MichaelCrawford (610140) | more than 2 years ago | (#38459670)

I remember like it was yesterday when I saw one demonstrated at a computer store. But because I was but a starving student, and the Lisa had a whole megabyte of memory and what for the day was quite a large, bright monochrome graphics display, I knew that I wouldn't have the ten grand to actually buy one any time soon.

The original Macintosh was a largely successful attempt to fix the problem of the Lisa's exhorbitant retail price. The "1984 Superbowl Ad" Macintosh just had 128 kb of RAM and a 512 by 342 monochrome display. The model I eventually bought used had just a single-sided 400 KB floppy and no hard drive.

It was not possible to develop real software on the original Macintosh. Instead developers used cross-compilers with Lisas as the host.

Re:The Apple Lisa had that same problem (0)

Anonymous Coward | more than 2 years ago | (#38463346)

Wait, you're telling me that software for a new computer platform was actually developed using the preceding computer platform? Next you'll be claiming that many early Windows programs were actually written from DOS terminals. Madness I say.

They could have tried a loss leader approach ... (1)

Viol8 (599362) | more than 2 years ago | (#38460114)

... in the same way as consoles. Sell the hardware for less than cost price and make up the difference on the software. People are more likely to spend money when they've already made an investment. Its getting them to part with money in the first place thats the hard part.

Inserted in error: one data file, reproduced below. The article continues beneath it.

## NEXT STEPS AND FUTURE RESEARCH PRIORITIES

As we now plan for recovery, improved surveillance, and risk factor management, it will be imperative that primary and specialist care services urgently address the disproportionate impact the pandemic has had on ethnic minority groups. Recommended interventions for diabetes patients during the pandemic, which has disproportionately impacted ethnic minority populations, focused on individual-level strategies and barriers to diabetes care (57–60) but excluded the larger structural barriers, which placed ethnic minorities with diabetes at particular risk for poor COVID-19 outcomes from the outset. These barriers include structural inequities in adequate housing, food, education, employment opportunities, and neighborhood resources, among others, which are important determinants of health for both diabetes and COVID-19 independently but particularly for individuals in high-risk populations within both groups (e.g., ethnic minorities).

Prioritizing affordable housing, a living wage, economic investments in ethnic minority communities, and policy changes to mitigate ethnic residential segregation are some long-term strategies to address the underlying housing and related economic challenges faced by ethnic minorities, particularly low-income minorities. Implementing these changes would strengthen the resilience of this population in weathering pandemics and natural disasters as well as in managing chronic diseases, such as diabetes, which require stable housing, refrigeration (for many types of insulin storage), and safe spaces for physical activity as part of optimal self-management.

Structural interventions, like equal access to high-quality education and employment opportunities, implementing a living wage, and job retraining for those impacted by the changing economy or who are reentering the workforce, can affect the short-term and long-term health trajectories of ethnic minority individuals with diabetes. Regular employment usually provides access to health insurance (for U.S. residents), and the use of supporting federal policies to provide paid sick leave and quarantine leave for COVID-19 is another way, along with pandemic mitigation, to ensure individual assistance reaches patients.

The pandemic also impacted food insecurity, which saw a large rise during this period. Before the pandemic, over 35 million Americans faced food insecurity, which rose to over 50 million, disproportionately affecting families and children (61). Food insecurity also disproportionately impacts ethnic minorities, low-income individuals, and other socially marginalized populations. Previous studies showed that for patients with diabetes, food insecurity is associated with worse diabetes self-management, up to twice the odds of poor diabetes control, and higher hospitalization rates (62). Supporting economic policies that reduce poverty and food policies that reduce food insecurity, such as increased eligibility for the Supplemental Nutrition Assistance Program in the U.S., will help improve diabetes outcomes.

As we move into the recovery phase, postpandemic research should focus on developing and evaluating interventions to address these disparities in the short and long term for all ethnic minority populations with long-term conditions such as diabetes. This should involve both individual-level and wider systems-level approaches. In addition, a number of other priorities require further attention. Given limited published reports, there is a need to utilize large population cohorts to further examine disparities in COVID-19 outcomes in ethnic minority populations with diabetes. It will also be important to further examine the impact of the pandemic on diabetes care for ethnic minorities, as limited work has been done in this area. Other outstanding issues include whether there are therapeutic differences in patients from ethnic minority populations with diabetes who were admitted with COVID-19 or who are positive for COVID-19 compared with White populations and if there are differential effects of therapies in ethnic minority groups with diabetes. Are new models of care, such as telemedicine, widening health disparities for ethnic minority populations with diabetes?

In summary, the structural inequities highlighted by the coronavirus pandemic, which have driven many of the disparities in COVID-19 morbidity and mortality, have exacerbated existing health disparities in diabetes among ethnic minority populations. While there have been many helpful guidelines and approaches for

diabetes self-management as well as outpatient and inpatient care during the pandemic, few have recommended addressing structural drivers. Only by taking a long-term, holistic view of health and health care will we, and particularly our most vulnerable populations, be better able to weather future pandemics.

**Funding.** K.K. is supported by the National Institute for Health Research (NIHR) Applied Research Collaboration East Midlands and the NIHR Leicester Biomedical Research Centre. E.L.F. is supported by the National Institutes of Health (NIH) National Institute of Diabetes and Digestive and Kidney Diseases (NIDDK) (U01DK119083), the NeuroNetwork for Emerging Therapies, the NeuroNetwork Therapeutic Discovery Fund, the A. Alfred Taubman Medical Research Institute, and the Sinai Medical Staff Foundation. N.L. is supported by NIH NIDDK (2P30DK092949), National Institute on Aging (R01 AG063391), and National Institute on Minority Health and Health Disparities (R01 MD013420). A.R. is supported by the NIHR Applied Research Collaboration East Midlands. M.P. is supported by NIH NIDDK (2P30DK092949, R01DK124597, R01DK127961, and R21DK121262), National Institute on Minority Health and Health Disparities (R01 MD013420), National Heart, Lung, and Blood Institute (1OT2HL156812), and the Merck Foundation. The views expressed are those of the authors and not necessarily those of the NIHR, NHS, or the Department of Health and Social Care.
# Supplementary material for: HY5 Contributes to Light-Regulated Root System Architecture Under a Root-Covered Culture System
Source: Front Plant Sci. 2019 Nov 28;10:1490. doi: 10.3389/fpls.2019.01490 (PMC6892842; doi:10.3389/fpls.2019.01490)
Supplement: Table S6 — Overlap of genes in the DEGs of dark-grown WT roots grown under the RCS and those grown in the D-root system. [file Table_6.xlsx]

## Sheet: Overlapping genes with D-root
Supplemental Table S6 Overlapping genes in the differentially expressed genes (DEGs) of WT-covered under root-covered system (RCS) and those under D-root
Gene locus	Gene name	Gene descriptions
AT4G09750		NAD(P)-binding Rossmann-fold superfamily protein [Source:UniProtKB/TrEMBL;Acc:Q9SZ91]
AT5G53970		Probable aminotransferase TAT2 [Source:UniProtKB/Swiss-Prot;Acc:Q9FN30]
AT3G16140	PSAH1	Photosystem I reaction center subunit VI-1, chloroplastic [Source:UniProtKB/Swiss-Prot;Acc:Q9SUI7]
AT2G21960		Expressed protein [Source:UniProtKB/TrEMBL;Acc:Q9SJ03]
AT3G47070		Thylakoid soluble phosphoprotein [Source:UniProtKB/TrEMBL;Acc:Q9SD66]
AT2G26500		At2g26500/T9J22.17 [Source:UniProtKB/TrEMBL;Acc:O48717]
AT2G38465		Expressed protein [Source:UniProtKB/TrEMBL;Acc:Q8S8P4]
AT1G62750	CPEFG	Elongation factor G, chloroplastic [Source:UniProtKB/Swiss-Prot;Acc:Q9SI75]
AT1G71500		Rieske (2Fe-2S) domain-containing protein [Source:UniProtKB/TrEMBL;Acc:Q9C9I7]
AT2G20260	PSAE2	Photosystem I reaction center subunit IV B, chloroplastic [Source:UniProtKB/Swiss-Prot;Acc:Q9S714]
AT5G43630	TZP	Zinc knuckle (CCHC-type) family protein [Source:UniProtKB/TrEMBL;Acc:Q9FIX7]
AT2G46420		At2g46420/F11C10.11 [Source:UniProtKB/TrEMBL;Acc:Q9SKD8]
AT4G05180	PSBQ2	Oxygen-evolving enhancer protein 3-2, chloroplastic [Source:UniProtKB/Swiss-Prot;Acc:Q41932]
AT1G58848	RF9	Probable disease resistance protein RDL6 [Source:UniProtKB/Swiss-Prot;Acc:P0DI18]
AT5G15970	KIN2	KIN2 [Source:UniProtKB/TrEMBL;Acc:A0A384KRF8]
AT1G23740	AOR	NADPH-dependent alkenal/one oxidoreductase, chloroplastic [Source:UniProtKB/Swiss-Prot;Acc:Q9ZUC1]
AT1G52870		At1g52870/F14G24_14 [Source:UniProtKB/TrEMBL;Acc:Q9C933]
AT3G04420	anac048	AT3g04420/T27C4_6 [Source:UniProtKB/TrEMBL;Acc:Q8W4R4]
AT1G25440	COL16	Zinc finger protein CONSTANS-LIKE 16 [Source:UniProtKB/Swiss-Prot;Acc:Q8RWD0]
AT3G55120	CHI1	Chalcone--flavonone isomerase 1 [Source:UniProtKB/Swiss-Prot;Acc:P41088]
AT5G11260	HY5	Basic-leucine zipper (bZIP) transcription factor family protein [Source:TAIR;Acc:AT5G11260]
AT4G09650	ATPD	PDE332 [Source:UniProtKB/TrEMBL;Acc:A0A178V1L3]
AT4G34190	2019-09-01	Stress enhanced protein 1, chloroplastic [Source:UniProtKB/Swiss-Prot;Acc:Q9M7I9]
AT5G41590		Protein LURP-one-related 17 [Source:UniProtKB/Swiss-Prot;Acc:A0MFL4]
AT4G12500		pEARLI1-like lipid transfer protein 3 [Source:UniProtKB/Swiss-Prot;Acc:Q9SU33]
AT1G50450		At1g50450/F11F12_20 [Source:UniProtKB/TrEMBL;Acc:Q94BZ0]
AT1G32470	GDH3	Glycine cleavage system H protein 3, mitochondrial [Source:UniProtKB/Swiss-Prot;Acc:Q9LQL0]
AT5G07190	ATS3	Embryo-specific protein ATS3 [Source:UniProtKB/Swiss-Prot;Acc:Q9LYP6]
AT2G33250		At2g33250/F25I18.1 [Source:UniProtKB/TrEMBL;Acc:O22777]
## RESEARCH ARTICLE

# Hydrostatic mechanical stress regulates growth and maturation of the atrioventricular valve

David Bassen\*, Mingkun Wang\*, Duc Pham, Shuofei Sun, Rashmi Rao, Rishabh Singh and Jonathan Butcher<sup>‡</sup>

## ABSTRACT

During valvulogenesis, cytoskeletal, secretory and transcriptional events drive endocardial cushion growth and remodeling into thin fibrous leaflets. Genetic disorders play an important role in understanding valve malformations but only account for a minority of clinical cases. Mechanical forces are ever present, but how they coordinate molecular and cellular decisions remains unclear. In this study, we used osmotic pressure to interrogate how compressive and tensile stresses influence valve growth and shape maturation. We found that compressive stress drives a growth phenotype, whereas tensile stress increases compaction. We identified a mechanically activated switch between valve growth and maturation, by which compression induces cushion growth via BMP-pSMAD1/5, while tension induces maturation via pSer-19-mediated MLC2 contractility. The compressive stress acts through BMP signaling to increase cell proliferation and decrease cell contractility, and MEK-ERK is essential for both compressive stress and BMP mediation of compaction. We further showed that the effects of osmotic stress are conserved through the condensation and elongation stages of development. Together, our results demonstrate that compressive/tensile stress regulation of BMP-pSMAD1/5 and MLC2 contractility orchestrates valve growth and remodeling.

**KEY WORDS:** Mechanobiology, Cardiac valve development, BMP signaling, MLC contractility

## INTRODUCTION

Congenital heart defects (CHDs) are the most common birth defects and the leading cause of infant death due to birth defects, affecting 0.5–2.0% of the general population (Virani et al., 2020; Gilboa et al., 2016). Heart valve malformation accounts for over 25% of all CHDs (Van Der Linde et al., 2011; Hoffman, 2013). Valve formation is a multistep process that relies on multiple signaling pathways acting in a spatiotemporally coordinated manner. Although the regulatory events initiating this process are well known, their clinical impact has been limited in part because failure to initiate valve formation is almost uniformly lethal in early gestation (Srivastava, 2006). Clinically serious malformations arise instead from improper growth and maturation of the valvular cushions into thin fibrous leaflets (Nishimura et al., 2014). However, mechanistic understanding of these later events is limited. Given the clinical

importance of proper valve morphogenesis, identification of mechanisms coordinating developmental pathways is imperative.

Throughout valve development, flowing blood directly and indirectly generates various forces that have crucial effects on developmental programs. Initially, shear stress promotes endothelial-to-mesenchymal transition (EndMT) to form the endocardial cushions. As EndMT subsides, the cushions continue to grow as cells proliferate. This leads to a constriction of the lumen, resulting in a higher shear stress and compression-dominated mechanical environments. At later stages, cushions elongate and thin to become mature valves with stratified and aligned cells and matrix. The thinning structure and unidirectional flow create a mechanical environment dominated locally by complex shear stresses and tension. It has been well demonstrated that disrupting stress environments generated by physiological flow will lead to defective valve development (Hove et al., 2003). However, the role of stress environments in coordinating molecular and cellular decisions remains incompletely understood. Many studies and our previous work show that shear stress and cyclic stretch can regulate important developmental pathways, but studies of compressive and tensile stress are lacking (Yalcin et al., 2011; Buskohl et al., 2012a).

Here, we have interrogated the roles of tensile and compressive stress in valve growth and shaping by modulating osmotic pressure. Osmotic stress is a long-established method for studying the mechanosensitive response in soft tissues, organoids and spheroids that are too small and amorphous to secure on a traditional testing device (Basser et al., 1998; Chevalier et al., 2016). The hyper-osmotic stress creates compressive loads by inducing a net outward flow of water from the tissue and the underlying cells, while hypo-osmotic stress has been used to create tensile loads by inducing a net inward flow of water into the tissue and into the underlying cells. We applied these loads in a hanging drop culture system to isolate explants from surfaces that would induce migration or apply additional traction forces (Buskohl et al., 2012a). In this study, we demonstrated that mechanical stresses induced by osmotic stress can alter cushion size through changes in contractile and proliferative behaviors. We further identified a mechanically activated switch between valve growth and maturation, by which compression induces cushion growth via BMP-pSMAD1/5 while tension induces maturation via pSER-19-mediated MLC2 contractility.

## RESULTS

Re:What would an alternate universe be like... (1)

DerekLyons (302214) | more than 2 years ago | (#38459492)

where Xerox marketed the Xerox Alto as the first commercial GUI driven computer in 1973? I'm guessing technology would have advanced to todays levels by the early 90s

Why? Today's (computer/IT) tech is largely driven by the ubiquitous PC and the availability of really cheap microprocessors. GUI's don't enable either. Nor will GUI's make mini- and micro- computers any cheaper, in fact they'll hog processing power (making them less attractive) and/or raise the price of their graphic terminals (ditto).

Re:What would an alternate universe be like... (1)

Viol8 (599362) | more than 2 years ago | (#38459854)

"availability of really cheap microprocessors. GUI's don't enable either."

No , but they may have provided extra impetus. Back in the 70s and early 80s CPU speed increases year on year were pretty modest.

Re:What would an alternate universe be like... (1)

Darinbob (1142669) | more than 2 years ago | (#38463866)

There was impetus. It just wasn't with the home user who had no need for a computer. The impetus was there with the workstation market where they did want faster CPUs and cheaper hardware, and there were great advances going on. People had awesome GUI based systems before Windows existed and they were in common use in universities and corporations. Sun Microsystems grew up and made its mark by making these things better and cheaper than the competition at a time when the home computer user naively thought a 286 was state of the art.

The PC & Mac world were small computing niches. Maybe they were behind the times but that doesn't mean the entire computer industry was ill. These ideas from PARC took root EARLY and grew and changed the industry, without any help from Gates or Jobs.

Re:What would an alternate universe be like... (2)

timeOday (582209) | more than 2 years ago | (#38460116)

Better yet, what if Apple had come out with the i7 Macbook Pro in 1977 instead of that crummy Apple II? If they had priced it right, and thrown in 512 GB SSD drive and 8 GB RAM, I think they could have got a lot of traction in the marketplace. If only they hadn't been so clueless!

Re:What would an alternate universe be like... (1)

Viol8 (599362) | more than 2 years ago | (#38460206)

Err, riiight. You do realise that the Alto and its GUI did exist in 1973 but was only used internally to Xerox and never made available to the general public don't you? Are you some apple fanboy who thinks the GUI arrived with the apple mac?

And the mouse was invented in the 1960s (1)

MichaelCrawford (610140) | more than 2 years ago | (#38460400)

I don't recall who invented it but I think it was someone at Stanford rather than at Xerox PARC.